The world of online on-demand movies continues to expand this spring with the launch of Fandor, a service that offers a wide selection of independent and international films available to stream. Looking to build on the success of similar services, the niche that Fandor is trying to tap is the independent moviegoer.
The database offers reportedly more than 2,500 films, in all genres, which includes shorts, musicals, silent films, and LGBT cinema. The editors at the site are understanding in that some people may be new to indie films, offering featured selections such as A Talking Picture, Funny Games, and A Winnebago Man. If you are still having trouble getting started, the service also offers a Fandor channel where the curators offer timely and important films on a schedule for easy viewing.
What separates this movie service from others is that it is looking to users and filmmakers to connect via social networks and to use social media to share interests. Visitors to the site are encouraged to log in with Facebook, so friends can what they are watching. Moreover, there are avenues afforded to members in which they can connect to independent movie-makers. Like Netflix, new users may opt for a free trial membership for 30 days, or begin subscribing for $10 per month.
Perhaps the best features of the streaming movie service is the opportunity it for users to promote and share movies. Whereas on Facebook one has to click ‘like,’ or add a title to a list of interests, Fandor goes further. Users are able and encouraged to share favourite clips on Facebook with friends. Instead of a trailer or previously edited segments, any user can scroll through a movie and clip a scene. Its editing at it’s most simple: insert an in and an out, and there one has a clip to share online.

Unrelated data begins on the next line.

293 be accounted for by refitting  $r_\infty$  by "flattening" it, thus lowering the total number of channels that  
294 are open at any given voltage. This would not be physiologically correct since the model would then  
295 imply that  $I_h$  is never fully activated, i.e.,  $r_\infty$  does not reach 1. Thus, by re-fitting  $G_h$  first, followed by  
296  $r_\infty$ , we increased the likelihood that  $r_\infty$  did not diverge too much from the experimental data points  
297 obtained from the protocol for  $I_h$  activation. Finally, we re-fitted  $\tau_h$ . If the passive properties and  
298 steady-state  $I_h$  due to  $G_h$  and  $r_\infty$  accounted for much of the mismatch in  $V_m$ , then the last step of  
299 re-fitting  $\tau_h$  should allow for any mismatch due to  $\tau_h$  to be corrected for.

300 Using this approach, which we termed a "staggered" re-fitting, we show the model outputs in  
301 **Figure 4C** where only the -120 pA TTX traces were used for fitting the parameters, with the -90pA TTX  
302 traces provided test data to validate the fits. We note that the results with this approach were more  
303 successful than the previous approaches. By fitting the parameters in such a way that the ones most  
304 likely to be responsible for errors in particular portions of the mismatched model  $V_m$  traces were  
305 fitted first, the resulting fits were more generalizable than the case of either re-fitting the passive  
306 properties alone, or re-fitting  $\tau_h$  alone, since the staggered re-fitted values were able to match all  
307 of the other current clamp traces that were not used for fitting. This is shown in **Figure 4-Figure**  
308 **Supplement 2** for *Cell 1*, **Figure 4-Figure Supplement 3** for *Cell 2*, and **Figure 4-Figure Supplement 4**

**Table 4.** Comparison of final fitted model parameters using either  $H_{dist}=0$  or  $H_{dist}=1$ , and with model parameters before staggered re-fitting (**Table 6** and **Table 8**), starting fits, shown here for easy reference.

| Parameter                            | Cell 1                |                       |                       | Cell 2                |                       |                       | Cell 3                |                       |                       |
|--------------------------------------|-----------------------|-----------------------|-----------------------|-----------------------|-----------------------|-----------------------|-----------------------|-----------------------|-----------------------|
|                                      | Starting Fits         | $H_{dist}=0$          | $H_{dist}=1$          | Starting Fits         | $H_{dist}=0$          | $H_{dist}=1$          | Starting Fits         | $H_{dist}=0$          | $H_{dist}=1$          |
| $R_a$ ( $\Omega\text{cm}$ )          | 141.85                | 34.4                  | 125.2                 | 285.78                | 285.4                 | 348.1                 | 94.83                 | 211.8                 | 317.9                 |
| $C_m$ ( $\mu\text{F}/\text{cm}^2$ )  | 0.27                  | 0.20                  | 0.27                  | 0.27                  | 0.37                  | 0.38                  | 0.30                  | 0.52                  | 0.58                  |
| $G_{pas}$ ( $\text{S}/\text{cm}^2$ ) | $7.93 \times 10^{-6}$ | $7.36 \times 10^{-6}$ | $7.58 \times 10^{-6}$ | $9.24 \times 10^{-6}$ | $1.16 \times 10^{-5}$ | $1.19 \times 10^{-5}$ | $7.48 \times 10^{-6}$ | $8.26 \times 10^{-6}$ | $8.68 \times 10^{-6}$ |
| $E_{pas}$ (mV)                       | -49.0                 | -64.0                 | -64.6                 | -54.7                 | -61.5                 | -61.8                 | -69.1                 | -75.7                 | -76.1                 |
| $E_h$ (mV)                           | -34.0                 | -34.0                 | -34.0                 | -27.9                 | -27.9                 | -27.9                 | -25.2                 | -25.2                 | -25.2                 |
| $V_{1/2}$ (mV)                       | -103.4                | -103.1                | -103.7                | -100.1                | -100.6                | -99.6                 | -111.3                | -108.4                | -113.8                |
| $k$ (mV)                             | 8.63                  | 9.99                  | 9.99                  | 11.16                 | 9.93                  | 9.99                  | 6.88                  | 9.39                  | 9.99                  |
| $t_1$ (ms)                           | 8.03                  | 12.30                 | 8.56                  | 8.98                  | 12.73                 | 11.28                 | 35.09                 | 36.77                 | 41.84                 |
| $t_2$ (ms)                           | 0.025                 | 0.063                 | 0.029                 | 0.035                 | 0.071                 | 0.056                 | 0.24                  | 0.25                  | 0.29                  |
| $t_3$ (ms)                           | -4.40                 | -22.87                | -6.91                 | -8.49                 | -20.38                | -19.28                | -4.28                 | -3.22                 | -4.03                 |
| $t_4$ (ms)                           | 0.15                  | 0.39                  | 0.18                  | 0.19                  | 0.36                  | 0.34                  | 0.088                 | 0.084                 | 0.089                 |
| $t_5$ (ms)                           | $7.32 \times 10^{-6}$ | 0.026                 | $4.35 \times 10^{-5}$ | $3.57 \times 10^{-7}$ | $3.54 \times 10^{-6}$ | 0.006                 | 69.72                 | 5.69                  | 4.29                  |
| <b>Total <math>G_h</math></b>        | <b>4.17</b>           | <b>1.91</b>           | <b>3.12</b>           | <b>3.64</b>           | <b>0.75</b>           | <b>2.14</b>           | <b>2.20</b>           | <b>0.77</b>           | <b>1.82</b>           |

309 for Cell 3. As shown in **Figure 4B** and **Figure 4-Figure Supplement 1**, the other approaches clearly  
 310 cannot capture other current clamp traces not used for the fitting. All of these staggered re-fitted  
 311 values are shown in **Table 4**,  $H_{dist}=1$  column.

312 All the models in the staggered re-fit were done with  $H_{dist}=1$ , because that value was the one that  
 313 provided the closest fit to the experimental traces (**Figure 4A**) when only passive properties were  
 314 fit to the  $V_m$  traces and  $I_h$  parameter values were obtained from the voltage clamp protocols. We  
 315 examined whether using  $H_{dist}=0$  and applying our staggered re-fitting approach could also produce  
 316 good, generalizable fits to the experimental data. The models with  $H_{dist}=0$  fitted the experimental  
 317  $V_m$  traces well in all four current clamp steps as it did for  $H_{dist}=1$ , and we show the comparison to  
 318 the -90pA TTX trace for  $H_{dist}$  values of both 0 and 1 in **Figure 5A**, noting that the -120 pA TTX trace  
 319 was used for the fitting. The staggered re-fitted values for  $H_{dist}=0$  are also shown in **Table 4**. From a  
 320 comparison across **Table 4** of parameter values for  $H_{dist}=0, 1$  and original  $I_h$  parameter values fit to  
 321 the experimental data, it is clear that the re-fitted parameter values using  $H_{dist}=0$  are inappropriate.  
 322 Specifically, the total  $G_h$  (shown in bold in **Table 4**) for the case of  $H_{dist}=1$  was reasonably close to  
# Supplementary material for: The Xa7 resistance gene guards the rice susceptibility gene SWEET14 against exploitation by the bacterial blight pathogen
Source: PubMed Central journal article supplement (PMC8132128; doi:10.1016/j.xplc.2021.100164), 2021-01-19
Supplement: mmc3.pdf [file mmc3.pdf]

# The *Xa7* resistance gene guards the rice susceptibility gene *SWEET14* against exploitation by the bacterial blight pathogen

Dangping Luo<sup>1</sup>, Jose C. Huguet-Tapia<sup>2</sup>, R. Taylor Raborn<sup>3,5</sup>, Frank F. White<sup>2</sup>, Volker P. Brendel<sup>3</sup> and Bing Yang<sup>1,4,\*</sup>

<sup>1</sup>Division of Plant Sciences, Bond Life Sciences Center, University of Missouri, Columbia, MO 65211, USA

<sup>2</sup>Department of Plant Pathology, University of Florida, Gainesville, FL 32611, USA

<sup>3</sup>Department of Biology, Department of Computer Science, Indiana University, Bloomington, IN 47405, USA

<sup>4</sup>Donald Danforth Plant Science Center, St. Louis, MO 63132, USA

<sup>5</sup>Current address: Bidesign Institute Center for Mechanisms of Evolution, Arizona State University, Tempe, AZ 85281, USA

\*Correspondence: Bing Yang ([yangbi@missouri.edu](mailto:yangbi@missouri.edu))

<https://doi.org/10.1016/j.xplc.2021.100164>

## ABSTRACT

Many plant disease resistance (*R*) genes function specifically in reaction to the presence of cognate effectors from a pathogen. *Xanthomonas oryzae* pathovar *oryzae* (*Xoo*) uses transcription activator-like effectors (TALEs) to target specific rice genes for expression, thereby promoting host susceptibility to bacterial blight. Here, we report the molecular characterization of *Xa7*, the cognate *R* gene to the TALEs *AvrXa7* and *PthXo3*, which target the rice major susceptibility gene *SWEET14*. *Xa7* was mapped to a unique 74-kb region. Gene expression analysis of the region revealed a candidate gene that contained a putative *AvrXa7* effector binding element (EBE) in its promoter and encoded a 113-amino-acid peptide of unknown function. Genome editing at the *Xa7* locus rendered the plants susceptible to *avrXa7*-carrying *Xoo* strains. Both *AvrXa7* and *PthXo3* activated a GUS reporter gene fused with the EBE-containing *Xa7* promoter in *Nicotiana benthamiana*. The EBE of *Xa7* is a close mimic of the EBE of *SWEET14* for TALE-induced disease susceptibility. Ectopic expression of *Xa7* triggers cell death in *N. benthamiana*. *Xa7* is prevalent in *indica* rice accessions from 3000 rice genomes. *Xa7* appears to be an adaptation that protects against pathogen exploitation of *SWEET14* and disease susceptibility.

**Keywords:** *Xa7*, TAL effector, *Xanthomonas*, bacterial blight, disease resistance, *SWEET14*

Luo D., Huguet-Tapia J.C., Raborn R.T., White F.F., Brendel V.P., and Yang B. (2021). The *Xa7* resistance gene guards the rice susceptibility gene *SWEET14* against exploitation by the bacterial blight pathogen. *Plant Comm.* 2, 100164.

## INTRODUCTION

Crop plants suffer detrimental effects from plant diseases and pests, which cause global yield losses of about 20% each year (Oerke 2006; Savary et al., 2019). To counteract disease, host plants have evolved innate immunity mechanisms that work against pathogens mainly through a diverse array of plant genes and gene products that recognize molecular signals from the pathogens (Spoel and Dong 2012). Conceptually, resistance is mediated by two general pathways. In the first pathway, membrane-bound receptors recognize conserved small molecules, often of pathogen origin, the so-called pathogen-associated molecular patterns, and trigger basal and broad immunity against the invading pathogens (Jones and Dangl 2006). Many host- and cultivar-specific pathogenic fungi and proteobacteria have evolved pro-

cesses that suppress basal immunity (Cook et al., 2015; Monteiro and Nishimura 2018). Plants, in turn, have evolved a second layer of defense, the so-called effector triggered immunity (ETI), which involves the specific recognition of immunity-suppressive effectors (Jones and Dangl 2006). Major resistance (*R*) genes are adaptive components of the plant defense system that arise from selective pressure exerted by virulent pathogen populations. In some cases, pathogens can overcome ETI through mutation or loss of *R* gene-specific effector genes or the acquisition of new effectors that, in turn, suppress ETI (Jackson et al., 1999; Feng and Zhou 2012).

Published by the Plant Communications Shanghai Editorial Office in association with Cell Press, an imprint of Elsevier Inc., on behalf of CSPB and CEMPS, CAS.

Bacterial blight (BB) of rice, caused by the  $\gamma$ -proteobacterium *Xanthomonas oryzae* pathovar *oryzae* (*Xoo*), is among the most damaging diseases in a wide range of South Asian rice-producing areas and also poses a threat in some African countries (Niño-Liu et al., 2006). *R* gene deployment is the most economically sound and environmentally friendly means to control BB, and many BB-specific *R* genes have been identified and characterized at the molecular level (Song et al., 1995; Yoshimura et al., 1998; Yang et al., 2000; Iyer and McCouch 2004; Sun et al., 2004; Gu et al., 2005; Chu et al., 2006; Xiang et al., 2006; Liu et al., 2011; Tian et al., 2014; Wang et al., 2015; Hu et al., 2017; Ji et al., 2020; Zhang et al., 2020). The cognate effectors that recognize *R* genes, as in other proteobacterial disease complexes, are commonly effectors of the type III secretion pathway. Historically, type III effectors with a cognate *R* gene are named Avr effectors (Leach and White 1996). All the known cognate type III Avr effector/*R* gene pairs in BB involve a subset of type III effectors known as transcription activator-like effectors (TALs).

Fandor also offers a blog of sorts. Site writers discuss movies featured in the database, offering commentary, lists, reviews, and critical analyses. Of course users are encouraged to share their own thoughts and opinions.
Currently, the biggest downside of Fandor is that it is only available in the United States-sorry, Canada. If you reside in the U.S. and you are curious, Fandor offers a free viewing of a film if you log in with Facebook.
Fandor will join the ranks of Sony’s Qriosity and Netflix, but this service does not seem to necessarily pose a direct threat to any others, nor should it. If a person is looking to opt for only one movie service, it seems at the moment that the choices are clear. Whereas Sony offers the latest releases and big blockbusters on demand, Fandor caters to the independent film buff. Netflix has a varied database, offering both on demand movies and DVD rentals, combining movies with TV shows, still distinct from Fandor. Even Warner Bros, which recently said it will begin to test distributing movies via Facebook, paid for by Facebook credits, is dissimilar enough. Fandor will arise and find success irregardless of other companies, looking at a market yet catered to by online movie services.